COUNTERFEITING OF COINS.
Counterfeiting is not very common, but if it exists it is in the case of the one-yen and the nickel five-cent pieces. It is done very skillfully and perhaps with a regular plant of machinery on a large scale in the southern part of continental Asia, where a regular business of counterfeiting is said to be carried on. Not only our coins, but the Dutch, the Mexican, and the British dollars are extensively counterfeited. This industry must be put an end to by outside force, if the Government of the country is too low in practical morality or weak in administrative control to suppress it. Here in Japan even petty cases are immediately discovered, and the following provisions of the penal code are strictly applied:
1. Those counterfeiting or circulating counterfeits of the gold or silver coin or paper money of the realm are imprisoned for life, and those offering it are imprisoned, with light labor. 2. Those counterfeiting and putting in circulation foreign currency are imprisoned for a time, and those exchanging and using it are imprisoned, with hard labor, from two to five years. 3. The forgery and use of the notes issued by the banks are punished according to either of the preceding articles. Those who counterfeit and use counterfeits of the copper coins of the Empire are imprisoned, with light labor, and those who exchange and use them imprisoned, with hard labor, between one and three years. 4. If the coin is not placed in circulation, the penalty is lightened one degree, and if not actually struck, two degrees. 5. For those who deliberately enter the employment of a counterfeiter, a penalty is inflicted which is one degree less than that of the employer. 6. For those letting a building or rooms to counterfeiters the penalty is two degrees less. 7. Importers of prohibited coins are punished in the same way as counterfeiters. 8. For those who receive and use illegal coins, the penalty is lessened two degrees, and if not actually used, three degrees. 9. Those who repent and declare their offence before its execution, are pardoned. 10. Those who use bad coins after receiving them, without knowing them to be so, are fined in double the amount actually used.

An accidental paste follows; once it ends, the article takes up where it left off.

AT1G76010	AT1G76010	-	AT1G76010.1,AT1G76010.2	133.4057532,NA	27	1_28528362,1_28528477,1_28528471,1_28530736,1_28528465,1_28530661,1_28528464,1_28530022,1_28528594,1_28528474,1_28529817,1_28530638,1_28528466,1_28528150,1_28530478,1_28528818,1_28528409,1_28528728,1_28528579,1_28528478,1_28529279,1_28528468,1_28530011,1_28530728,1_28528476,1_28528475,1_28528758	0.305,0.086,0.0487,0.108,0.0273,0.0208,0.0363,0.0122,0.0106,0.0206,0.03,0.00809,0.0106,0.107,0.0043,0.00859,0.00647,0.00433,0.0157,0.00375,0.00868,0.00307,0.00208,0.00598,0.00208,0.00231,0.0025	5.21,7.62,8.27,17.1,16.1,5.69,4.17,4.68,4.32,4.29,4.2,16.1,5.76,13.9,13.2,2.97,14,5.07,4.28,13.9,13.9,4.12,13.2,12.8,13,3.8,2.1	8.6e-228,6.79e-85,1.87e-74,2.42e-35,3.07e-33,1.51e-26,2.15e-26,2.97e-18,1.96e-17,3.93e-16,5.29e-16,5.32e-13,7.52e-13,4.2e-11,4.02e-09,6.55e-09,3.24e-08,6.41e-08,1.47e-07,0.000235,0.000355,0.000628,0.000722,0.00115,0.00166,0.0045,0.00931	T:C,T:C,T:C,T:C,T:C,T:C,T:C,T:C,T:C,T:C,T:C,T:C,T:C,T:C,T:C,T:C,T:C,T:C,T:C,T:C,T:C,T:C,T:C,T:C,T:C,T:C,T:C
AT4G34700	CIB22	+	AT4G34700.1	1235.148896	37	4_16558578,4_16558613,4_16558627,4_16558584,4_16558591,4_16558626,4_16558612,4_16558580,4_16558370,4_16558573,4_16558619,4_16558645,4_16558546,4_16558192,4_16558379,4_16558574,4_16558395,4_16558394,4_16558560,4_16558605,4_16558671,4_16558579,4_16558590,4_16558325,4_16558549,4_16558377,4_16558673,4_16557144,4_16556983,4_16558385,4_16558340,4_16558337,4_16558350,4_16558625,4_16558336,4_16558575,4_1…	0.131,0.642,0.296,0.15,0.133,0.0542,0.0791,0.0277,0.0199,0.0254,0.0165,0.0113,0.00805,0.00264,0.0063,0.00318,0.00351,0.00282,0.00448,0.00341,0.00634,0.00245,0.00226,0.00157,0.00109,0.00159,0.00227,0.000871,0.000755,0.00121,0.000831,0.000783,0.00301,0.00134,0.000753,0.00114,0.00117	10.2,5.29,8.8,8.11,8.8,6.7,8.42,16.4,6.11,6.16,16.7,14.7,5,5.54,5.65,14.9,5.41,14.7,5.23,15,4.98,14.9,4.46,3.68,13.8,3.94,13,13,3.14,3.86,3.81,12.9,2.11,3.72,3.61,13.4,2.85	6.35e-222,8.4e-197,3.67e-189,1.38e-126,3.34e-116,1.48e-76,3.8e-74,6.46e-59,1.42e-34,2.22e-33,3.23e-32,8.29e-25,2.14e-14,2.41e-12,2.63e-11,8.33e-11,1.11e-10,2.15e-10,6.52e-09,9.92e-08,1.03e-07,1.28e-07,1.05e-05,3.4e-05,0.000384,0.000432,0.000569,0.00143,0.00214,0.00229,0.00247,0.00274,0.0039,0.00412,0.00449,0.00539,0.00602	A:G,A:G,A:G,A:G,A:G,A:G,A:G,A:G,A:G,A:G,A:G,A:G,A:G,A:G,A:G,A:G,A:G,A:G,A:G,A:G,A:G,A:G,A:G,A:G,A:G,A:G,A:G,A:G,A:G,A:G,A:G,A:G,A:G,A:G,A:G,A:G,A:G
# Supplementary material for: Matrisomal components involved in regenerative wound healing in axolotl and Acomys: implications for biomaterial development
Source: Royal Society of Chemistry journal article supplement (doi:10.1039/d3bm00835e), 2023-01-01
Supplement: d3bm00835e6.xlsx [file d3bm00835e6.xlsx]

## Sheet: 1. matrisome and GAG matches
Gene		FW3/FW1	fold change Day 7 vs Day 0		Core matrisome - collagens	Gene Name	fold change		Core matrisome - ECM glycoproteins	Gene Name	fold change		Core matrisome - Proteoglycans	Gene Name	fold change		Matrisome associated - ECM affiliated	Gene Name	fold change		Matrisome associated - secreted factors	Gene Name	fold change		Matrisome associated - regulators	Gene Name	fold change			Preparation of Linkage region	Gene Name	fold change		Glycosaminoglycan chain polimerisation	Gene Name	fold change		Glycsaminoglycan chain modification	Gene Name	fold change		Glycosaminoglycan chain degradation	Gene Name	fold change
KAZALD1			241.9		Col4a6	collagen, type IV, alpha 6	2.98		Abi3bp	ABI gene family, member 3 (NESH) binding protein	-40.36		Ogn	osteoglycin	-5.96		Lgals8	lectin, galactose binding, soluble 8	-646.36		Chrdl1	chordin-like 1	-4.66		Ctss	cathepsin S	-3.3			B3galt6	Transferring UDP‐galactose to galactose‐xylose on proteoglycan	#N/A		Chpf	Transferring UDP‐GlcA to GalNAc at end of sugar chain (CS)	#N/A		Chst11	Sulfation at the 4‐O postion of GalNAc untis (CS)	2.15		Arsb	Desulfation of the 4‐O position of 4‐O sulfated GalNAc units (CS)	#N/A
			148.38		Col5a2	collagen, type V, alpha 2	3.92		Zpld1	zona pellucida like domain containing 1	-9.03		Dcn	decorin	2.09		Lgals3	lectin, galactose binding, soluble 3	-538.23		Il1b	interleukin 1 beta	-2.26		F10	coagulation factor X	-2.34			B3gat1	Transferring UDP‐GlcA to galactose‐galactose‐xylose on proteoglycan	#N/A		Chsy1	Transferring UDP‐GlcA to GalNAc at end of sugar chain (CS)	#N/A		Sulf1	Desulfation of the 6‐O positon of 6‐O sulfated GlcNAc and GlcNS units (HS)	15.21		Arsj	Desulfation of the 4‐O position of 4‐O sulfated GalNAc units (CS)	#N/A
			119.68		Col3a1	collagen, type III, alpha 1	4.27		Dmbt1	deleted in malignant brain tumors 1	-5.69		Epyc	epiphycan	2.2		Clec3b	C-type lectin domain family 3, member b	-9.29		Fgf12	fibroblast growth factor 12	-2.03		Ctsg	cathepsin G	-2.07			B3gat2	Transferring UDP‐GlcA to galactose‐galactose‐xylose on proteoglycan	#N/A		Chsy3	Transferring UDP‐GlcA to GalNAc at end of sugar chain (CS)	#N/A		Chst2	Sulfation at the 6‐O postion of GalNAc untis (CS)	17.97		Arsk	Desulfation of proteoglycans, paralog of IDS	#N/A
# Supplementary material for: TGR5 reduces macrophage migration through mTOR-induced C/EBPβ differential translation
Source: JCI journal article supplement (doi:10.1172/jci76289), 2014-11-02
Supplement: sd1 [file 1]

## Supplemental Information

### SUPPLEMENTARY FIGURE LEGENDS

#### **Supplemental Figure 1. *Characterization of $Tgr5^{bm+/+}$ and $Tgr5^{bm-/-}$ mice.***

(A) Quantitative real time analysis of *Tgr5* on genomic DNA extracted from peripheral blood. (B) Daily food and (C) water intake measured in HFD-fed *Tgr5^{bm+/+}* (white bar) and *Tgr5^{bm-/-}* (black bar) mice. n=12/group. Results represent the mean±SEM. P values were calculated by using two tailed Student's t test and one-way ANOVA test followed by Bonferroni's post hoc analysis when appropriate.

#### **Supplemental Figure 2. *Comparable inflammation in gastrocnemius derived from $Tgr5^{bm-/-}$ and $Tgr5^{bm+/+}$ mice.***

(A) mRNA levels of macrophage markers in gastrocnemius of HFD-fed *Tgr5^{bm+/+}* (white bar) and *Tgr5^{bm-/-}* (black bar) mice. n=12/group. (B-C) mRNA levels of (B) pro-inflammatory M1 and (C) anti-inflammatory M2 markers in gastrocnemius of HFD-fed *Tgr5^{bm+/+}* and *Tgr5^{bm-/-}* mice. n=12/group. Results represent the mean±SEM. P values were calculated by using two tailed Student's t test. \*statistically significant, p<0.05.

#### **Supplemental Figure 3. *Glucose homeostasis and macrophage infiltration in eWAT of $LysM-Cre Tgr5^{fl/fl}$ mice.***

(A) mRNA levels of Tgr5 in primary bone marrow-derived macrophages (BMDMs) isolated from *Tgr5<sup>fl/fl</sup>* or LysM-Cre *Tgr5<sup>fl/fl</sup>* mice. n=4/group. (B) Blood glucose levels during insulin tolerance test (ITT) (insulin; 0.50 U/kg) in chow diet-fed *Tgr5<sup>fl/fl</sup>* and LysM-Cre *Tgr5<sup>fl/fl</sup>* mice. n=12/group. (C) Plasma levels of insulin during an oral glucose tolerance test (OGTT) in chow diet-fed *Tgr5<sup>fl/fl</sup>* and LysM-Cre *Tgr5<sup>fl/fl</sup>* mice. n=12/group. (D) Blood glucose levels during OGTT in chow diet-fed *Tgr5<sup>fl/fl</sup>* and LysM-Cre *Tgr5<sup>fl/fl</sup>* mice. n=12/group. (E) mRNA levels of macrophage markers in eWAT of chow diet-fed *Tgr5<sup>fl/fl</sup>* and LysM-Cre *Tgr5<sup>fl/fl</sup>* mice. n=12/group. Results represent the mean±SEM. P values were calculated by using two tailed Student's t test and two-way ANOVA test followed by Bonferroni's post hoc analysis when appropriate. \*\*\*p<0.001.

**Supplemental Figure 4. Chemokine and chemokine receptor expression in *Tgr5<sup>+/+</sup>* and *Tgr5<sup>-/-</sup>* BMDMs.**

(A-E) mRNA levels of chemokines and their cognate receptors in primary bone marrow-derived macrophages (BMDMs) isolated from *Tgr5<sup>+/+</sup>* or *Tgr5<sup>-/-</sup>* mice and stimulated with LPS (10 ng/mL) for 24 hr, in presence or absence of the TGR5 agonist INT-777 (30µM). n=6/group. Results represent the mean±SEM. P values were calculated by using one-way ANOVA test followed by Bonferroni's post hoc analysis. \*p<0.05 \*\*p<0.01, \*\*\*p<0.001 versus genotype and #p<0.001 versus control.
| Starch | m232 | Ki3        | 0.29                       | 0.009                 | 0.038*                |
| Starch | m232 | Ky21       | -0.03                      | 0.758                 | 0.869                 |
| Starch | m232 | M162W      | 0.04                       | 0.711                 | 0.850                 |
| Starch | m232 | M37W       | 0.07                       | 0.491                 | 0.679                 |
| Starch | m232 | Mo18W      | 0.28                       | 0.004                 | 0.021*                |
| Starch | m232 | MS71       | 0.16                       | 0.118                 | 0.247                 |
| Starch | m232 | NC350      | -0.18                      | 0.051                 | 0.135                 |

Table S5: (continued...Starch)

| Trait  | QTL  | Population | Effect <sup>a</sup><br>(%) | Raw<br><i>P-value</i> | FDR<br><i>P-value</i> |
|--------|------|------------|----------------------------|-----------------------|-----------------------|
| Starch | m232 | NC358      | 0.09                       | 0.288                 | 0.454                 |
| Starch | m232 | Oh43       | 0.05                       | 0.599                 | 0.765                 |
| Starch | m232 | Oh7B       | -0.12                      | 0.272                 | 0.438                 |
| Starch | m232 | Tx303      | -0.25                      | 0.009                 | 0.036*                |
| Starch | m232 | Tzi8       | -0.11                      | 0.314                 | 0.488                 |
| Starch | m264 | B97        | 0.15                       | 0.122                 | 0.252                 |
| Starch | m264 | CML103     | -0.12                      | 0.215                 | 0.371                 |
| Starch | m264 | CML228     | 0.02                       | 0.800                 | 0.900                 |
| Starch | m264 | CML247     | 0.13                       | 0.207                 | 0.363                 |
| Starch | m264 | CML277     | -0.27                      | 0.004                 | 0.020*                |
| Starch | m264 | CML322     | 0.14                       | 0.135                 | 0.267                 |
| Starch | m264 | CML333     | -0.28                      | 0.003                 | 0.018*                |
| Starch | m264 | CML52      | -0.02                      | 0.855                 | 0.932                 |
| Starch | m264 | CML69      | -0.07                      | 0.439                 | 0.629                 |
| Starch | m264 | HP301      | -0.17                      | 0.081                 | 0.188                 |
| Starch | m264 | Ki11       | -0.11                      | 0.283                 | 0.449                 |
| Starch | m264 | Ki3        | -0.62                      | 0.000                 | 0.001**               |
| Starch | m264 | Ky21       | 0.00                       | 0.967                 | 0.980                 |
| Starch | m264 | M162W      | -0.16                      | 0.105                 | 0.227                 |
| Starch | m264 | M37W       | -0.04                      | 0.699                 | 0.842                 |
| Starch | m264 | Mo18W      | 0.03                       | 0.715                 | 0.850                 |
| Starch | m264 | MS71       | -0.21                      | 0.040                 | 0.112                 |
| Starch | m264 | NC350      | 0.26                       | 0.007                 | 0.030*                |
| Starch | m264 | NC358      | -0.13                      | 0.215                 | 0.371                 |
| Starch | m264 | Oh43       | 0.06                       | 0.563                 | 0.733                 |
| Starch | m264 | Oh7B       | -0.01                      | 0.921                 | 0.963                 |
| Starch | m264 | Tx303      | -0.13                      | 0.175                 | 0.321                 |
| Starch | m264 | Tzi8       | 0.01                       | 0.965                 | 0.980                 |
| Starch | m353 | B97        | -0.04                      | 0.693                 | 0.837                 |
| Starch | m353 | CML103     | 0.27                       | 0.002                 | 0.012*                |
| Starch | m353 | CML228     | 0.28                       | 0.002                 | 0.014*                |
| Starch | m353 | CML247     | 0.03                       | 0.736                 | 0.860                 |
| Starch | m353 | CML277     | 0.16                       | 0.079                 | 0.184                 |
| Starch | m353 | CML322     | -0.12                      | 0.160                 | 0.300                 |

Thus, if the external illegal traffic in false coins can be stopped, all trace of counterfeiting will practically cease to exist.
THE PAPER CURRENCY.
AT the time when the state of the metallic currency was utterly confused and coins were greatly discredited, it was natural that paper money should not obtain much credit. It is related by historians that, in 1334, an order was issued by the Emperor Godaigo directing paper money to be used together with copper coins. But on account of the prevalence of civil war and the generally unsettled state of affairs, it is doubtful whether the paper actually circulated. After this, we hear nothing about it till 1615, when a paper note was issued, and used for the payment of the excavation work of the canal in Osaka. This was equal to seven bu in silver. On the face was written, “Issued for the canal work of Osaka as a permanent treasure of the people,” and on the back the name and signature of Kikioya and Kinokuniya firms, who were possibly charged with its redemption. Also, in 1866, 100,000 rio of 100, 50, 10, and 1 rio, 2 and 1 bu notes, were prepared for the use of the harbor works of Kiogo, to circulate in the country around Kioto. But it was never actually issued. However, about 300 Daimios of different districts issued paper notes (Han Satsu) to circulate within the limits of their own rule. Innumerable kinds of these notes existed, over-issue and counterfeiting being common; so that the state of the paper currency was one of hopeless confusion. This practice began with the grant to the Daimio of Fukui in the latter half of the seventeenth century, as an offset to the failure to carry out the promise of increasing his revenue. That privilege was abused, and many Daimios, to bridge over their financial difficulties, obtained a similar grant. At first, the date of redemption was prescribed, but this not being adhered to, the grant was withdrawn. Such a prohibition, issued toward the end of the Tokugawa dynasty, was of no effect, because the prestige of the dynasty had dwindled almost to nothing. Over-issues continued common, and some issues were made without any permission at all. These notes were not only depreciated in value, but were of all grades of depreciation, some being without any value at all. The amount which came into circulation is shown in the following table: